• Yes, that should be as messy as it sounds. There should be honors schools for the smart kids, humanities schools for the artsy kids, techno schools for the sci-fi kids, and votech schools for the tradeskids. And in our culture of “differences” I’m even in favor of a school that tracks standing right next door to one that doesn’t. We’ll throw in a special needs school, an ADD school, a Montessori school, a classical school, an IB school, and an athletic school. All in the same district. Let’s even let ‘em keep their per student enrollment-based funding formula. Now, may the best school win. Ready, go! It isn’t egalitarian, it doesn’t offer tenure, it has lots of merit pay. Stop back in five years, and I’ll show you the highest performing school district in the country. Stick around for a generation, and I’ll show you the most academically prepared citizenry in the world.

  • Of course, there is a whole morality and family values thing in play here that no one is talking about. All I’m going to say in this forum is that if your seventh grade girl is dressed like the centerfold of a certain not-for-seventh-grade publication, then there are larger issues here which have to be addressed, and which probably can’t be solved by reform in public education. But in fairness to the argument, you kinda have to fight the battle in front of you. That said, this is (at least) a two-front war; and the Church certainly has a role to play. All social change (whether good or bad) begins in the pulpit; and this fact has enormous implications for this debate.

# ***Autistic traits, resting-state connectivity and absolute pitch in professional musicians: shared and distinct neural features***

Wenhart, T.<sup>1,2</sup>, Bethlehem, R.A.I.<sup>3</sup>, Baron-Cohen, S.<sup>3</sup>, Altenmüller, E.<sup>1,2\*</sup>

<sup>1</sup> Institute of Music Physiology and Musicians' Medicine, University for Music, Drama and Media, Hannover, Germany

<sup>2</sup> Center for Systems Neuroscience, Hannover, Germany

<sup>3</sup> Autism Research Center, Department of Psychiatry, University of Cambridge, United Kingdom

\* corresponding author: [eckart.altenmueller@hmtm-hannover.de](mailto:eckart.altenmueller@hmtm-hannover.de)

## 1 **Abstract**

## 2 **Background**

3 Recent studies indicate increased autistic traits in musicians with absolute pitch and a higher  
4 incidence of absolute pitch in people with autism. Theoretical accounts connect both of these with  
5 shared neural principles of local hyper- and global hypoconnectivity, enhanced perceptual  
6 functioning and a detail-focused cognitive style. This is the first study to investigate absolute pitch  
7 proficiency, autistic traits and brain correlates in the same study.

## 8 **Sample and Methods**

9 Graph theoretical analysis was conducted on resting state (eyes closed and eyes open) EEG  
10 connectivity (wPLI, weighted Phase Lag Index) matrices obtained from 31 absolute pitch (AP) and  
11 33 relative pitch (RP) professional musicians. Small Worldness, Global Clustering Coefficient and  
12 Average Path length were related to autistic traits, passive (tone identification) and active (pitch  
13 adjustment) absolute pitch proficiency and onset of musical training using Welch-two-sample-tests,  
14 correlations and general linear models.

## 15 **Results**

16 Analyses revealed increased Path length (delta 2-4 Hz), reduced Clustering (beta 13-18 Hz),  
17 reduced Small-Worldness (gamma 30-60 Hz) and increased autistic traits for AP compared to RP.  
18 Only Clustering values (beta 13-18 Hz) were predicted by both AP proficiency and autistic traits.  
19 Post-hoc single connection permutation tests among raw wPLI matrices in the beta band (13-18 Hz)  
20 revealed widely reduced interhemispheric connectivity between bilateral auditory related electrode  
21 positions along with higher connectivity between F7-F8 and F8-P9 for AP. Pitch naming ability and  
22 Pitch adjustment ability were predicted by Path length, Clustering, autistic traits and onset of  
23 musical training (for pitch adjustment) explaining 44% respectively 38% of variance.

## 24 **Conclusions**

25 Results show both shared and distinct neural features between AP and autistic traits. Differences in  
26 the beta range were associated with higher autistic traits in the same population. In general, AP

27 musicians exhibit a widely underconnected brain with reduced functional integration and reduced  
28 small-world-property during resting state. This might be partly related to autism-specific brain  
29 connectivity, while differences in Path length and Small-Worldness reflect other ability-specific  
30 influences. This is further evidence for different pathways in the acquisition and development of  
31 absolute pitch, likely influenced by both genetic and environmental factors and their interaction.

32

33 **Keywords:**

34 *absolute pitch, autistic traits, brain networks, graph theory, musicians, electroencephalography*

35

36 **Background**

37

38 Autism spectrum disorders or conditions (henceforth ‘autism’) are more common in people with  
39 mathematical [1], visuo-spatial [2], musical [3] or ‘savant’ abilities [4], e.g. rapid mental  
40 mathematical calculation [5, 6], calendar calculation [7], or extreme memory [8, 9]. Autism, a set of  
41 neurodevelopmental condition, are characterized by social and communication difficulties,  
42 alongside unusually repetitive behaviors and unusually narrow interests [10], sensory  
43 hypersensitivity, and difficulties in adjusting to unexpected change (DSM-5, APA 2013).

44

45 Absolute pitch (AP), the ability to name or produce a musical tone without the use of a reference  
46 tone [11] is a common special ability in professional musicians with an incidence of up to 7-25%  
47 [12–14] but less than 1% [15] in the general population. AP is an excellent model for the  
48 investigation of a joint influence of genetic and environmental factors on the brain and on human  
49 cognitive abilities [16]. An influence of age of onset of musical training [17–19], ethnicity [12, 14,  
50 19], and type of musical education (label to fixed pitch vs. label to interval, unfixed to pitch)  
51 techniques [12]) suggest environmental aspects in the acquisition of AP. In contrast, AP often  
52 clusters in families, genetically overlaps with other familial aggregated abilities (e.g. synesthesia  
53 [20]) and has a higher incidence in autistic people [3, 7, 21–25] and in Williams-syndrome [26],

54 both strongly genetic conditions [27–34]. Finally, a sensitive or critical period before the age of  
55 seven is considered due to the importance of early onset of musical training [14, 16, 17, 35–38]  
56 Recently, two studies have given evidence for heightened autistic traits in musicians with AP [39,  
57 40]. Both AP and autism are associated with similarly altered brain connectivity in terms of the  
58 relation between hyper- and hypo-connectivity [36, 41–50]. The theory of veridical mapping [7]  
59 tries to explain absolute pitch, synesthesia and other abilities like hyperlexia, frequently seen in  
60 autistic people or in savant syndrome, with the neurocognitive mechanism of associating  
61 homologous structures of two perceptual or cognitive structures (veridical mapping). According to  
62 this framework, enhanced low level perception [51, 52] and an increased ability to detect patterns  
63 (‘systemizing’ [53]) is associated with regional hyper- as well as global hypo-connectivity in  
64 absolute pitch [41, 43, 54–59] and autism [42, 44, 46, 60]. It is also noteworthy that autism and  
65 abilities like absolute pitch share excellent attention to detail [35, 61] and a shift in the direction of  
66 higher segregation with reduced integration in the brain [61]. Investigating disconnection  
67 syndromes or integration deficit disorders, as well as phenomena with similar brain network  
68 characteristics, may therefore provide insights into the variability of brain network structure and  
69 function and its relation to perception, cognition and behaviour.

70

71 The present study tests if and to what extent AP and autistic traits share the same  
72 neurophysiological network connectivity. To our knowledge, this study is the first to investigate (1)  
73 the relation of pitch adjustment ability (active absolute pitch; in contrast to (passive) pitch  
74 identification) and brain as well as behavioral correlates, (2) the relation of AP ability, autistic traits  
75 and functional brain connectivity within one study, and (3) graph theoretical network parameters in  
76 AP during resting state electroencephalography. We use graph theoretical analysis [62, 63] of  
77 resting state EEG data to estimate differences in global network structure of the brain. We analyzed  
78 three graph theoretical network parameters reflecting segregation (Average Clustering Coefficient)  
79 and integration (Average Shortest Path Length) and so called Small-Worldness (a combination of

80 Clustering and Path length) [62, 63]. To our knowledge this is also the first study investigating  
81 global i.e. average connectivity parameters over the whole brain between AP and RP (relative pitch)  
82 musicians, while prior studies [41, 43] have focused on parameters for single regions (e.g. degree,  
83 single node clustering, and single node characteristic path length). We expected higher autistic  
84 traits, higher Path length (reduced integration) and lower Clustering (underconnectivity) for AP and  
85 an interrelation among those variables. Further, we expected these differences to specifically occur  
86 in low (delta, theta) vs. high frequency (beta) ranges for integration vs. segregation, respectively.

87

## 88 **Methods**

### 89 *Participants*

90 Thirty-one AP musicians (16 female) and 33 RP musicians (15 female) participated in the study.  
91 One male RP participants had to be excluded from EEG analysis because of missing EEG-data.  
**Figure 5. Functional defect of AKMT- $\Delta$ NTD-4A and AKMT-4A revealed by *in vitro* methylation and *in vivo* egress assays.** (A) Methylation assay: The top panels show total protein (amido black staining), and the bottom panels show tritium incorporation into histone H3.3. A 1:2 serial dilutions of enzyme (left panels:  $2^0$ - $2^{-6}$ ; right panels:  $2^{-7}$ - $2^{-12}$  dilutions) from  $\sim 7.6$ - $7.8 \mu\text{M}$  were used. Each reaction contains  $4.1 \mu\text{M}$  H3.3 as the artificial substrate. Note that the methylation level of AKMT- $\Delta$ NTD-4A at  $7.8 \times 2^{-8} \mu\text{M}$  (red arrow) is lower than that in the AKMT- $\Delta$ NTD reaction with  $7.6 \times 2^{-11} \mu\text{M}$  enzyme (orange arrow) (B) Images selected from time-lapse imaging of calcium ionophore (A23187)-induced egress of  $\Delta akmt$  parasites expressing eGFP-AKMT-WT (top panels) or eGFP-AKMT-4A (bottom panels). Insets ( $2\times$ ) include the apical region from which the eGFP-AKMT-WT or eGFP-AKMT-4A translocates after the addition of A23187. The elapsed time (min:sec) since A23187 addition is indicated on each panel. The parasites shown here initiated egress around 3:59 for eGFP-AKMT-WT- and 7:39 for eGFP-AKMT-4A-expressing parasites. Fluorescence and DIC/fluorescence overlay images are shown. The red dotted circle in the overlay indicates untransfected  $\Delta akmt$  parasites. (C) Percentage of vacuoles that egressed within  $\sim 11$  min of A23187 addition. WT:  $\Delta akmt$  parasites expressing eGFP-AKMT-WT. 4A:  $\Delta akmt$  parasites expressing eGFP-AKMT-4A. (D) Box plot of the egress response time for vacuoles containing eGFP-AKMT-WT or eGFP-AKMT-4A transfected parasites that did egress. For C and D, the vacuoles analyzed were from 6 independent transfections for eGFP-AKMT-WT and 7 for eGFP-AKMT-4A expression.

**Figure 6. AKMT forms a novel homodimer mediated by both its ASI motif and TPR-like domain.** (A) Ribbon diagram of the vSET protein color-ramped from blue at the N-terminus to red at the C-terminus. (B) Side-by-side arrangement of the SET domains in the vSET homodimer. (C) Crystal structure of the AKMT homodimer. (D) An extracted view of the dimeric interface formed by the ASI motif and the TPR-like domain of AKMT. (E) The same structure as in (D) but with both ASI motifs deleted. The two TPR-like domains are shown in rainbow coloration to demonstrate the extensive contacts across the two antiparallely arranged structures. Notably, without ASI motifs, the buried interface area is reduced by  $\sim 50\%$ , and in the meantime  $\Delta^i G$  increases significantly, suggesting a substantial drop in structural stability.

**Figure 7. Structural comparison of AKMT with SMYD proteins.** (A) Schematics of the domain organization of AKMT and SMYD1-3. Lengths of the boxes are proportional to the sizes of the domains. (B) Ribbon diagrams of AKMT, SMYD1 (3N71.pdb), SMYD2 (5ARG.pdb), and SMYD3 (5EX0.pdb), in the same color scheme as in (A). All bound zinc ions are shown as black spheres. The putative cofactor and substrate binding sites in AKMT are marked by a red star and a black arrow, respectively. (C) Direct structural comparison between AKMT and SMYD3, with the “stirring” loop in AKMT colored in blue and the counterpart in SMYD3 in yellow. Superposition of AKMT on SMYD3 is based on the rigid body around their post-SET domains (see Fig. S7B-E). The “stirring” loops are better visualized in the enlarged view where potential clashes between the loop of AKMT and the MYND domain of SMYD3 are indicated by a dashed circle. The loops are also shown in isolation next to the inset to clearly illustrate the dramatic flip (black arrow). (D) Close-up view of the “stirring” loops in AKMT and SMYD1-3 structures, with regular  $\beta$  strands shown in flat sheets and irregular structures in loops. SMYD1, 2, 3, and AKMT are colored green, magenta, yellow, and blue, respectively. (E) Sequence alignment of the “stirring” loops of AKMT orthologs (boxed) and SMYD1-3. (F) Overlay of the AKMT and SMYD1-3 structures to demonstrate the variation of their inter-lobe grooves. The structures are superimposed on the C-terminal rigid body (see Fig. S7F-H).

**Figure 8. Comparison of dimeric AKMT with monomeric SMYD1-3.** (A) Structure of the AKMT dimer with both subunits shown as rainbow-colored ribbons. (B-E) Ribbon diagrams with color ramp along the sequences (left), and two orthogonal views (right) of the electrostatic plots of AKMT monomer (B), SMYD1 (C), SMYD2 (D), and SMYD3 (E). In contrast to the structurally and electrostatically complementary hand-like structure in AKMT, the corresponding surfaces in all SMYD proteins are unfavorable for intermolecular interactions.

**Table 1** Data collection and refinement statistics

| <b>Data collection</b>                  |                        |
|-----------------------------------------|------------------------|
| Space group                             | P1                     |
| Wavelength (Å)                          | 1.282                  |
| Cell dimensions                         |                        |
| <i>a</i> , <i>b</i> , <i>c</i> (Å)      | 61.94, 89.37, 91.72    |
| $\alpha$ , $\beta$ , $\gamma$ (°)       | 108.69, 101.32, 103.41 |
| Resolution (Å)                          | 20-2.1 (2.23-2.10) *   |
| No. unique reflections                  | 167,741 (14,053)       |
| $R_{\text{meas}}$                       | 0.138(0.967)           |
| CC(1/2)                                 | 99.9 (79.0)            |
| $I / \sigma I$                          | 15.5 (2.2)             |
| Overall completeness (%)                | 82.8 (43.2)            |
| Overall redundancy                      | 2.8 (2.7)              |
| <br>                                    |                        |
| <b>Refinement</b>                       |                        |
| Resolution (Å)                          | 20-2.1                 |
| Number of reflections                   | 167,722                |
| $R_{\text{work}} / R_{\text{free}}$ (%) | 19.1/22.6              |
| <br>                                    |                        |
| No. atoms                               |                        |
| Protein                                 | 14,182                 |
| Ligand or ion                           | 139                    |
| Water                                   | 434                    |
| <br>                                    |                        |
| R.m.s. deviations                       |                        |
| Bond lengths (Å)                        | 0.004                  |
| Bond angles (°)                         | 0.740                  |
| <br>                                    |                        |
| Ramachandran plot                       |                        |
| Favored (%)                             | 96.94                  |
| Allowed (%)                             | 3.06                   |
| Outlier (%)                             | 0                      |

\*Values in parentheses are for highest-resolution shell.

When we consider the state of things in our nation’s public schools, the makers of Waiting for Superman are right: it would probably take Superman to fix things at this point. Unfortunately, it will probably be a very long wait given that Superman is no longer available for the job, what with having given up his citizenship and all. Perhaps it tragically ironic that the very superhero they envision coming to their rescue would doubtless send his children to a private school for students of “exceptional abilities”. The other Saviour with whom I am acquainted preferred Jewish religious schooling. On the list of saviours, that only seems to leave…hmmm, let’s see…maybe Donald Trump?

Blerkins is an eclectic blog of scholarly reflection and cultural commentary for folks who still believe that Western civilization has merit; and that life is far too interesting to give up on, or waste on television.
Our audience tends to be people exasperated with the world but too idealistic to give up on cultural engagement; who swim in a world seemingly devoid of truth, yet are too ethical for hedonism.